Reading A Ballet of Leperse, a previously unpublished collection of stories by Leonard Cohen, is to experience an artist’s growing pains. Written prior to his sojourn in Greece in the early 1960s, this collection of a novella and short stories provides readers with a glimpse of the author exploring themes he would continue to work on for the rest of his life.
Sex, religion, male and female relationships, and other aspects of the human condition have always been fodder for poets. While this is strictly a prose collection we can see the young Cohen experimenting with these themes. While lacking the refinement of his latter work, you could say these are like a visual artist’s preliminary sketches for an as yet to be completed work; these broad strokes give you an idea as to what he wishes to accomplish.
“A Ballet of Lepers”
“A Ballet of Lepers” is the novella which provides the collection with its name. On the surface it tells the story of a young man living in Montreal who out of the blue receives a phone call from New York City announcing that the grandfather he didn’t know was alive was being sent to him by train. When his father’s father arrives he turns out to be a troublesome and randomly violent man who disrupts Cohen’s protagonist’s life.
However, neither character is particularly likeable so we don’t have a great deal of sympathy for the young man. What is surprising is how quickly he takes in this unknown family member and how protective he becomes of him. This in spite of the grandparent being unable to speak much English and being prone to violent outbursts.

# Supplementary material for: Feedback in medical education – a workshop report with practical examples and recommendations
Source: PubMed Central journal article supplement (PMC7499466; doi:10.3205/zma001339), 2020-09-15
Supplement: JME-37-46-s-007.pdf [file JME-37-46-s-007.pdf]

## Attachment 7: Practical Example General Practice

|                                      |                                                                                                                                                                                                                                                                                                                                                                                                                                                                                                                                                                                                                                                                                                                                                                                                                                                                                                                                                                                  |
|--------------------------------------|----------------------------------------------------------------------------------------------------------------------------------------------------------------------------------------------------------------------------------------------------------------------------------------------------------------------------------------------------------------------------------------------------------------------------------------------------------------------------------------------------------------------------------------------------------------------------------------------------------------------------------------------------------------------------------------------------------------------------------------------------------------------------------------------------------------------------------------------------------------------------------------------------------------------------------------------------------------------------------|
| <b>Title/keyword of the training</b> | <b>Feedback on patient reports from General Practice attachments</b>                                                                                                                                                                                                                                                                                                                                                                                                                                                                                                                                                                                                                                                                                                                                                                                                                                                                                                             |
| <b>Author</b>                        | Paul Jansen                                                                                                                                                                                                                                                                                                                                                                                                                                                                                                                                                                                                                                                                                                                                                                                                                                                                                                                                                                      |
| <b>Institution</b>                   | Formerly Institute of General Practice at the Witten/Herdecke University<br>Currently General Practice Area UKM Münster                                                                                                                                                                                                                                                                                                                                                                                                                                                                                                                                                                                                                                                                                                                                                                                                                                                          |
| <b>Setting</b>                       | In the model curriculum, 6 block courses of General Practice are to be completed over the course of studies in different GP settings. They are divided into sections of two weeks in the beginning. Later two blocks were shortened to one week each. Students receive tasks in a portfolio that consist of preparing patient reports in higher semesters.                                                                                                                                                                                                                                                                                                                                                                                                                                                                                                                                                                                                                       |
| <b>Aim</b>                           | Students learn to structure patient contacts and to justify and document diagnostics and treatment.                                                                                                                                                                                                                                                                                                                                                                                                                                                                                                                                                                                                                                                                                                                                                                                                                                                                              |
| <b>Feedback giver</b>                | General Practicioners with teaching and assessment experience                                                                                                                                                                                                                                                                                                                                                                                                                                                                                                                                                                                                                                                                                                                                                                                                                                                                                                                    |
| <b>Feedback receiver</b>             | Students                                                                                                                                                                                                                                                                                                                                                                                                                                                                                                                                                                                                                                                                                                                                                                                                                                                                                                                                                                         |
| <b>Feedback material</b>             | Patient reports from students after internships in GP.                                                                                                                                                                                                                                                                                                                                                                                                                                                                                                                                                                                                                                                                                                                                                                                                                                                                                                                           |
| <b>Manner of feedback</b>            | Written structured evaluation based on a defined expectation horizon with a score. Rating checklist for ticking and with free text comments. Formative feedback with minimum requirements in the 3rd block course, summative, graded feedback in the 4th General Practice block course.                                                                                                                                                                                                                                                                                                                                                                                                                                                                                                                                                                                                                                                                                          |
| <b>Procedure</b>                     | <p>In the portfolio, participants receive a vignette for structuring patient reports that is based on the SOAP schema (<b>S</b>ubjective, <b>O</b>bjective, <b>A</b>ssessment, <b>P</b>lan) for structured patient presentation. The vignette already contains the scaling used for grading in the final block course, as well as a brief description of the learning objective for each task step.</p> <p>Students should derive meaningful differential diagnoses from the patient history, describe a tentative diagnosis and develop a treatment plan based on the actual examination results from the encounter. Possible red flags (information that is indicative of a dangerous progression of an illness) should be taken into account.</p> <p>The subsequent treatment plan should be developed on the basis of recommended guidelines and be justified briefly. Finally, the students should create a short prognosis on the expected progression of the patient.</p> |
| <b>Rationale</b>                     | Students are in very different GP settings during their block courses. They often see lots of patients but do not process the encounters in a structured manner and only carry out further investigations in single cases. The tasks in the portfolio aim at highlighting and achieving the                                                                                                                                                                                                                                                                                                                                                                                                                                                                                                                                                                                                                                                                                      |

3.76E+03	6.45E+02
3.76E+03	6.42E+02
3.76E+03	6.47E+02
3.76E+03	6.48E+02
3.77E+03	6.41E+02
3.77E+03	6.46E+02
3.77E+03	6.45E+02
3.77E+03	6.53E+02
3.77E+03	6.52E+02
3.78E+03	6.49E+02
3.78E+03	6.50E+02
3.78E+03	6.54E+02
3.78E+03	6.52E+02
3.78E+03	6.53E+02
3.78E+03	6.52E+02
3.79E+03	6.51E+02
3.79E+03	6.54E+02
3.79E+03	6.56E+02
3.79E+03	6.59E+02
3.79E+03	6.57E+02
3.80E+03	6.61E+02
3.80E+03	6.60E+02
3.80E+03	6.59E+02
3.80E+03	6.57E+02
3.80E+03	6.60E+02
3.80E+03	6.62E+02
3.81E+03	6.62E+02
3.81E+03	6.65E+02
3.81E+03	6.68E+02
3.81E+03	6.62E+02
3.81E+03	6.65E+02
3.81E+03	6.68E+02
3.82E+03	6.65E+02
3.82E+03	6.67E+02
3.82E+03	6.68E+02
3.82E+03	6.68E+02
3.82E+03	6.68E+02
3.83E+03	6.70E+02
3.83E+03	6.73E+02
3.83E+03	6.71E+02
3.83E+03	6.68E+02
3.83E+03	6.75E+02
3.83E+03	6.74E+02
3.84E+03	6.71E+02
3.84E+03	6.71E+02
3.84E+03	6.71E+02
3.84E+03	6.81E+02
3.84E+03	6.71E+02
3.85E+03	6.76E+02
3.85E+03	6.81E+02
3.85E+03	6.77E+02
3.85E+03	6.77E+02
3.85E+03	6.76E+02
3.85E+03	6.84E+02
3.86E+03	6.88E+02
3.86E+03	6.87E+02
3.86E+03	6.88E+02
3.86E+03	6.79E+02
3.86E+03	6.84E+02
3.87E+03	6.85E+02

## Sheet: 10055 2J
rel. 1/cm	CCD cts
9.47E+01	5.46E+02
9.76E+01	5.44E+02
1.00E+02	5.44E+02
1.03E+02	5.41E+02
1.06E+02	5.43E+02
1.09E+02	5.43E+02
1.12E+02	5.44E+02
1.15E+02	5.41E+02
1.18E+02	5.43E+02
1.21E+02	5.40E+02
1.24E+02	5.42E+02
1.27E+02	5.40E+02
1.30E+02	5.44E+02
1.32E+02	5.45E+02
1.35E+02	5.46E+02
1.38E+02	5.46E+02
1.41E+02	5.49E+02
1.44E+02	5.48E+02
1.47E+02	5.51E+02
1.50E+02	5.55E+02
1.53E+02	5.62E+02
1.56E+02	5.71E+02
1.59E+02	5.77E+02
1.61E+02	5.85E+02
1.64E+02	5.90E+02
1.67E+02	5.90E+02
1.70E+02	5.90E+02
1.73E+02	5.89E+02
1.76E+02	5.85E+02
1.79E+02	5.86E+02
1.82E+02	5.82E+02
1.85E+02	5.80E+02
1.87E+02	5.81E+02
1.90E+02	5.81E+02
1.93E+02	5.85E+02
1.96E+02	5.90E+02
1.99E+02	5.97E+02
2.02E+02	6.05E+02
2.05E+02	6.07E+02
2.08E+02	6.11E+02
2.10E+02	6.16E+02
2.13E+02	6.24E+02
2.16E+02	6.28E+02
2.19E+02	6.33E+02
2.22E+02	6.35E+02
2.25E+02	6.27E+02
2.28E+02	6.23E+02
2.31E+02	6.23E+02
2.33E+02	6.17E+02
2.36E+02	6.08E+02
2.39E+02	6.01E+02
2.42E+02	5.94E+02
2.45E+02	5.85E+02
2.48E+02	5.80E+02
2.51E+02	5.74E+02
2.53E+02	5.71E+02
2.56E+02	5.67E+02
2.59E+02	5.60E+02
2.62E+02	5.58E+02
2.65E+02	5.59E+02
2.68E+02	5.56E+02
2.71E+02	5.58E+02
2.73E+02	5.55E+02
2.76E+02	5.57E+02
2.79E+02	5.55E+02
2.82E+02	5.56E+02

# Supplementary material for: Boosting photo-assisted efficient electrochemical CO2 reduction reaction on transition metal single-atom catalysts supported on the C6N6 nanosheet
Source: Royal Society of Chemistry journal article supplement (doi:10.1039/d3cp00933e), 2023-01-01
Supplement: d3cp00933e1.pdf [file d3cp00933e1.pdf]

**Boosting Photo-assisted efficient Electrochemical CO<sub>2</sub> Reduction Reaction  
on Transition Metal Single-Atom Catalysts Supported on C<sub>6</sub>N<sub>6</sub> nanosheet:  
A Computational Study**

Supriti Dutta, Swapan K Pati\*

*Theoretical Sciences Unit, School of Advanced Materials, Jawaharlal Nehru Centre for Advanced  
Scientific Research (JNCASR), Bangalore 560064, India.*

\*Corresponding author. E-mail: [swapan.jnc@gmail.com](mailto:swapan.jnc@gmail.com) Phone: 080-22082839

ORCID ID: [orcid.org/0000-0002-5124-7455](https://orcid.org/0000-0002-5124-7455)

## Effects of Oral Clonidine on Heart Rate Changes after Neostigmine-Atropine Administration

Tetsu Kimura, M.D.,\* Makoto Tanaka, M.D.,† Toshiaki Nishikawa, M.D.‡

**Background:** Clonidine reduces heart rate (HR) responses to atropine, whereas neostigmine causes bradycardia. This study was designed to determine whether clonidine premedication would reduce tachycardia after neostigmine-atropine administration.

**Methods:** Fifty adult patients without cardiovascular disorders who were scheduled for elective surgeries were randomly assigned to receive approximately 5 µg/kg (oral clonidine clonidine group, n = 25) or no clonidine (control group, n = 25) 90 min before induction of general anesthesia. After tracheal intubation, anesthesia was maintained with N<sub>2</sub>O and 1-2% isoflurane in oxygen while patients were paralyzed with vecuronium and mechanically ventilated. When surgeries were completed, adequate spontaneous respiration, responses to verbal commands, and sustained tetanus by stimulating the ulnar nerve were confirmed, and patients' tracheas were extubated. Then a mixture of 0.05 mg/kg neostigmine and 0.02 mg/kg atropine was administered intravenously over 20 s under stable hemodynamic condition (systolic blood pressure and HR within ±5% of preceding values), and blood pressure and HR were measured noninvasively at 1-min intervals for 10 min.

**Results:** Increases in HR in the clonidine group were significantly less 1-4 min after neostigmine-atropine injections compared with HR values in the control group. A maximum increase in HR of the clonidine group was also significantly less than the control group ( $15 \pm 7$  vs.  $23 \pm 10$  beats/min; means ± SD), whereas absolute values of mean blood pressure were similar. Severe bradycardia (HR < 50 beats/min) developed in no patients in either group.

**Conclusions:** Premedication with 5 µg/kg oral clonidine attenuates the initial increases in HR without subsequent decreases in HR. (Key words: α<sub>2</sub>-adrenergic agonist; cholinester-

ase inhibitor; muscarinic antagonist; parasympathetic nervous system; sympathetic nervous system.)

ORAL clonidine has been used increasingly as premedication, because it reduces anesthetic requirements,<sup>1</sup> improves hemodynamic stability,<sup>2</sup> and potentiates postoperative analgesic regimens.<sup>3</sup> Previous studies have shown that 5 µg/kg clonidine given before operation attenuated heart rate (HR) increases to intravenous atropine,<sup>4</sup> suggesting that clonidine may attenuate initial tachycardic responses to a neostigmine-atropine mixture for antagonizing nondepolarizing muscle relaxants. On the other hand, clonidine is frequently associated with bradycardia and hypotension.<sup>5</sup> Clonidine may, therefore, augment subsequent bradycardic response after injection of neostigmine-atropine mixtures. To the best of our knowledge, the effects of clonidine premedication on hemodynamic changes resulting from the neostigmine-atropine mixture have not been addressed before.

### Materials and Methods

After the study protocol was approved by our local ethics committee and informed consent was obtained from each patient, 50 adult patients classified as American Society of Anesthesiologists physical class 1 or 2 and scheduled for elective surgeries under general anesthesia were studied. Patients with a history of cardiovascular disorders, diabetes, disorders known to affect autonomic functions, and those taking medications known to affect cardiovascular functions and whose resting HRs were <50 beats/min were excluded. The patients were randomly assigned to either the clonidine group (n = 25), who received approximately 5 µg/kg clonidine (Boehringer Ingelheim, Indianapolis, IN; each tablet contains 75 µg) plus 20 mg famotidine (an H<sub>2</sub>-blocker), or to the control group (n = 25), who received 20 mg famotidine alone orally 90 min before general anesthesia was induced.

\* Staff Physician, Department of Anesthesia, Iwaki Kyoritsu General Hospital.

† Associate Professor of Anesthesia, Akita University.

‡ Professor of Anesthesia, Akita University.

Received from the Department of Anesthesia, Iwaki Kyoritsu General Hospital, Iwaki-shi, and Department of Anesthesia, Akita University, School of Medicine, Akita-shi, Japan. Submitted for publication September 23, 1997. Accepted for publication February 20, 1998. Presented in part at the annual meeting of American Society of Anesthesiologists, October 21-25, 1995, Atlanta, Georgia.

In “A Ballet of Lepers” we see the beginnings of Cohen the writer. He takes his first tentative steps in exploring the relationships between men and women and how that dynamic can change with the introduction of a third party. His lead character is involved with a woman and obviously their relationship changes when he moves his grandfather into his room.
The Short Stories
The rest of the book is taken up with a collection of short stories which continue to show us an author still very much in search of his voice. Each of the stories shows us an author experimenting with style and form as Cohen develops his means of expression.
Although Cohen is obviously more famous for his poems and his music, A Ballet of Lepers is still a fascinating collection that gives readers a glimpse into the development of a masterful writer. While these might not be the most polished of works, they are not only interesting to read in the above context, but in their own right as stories.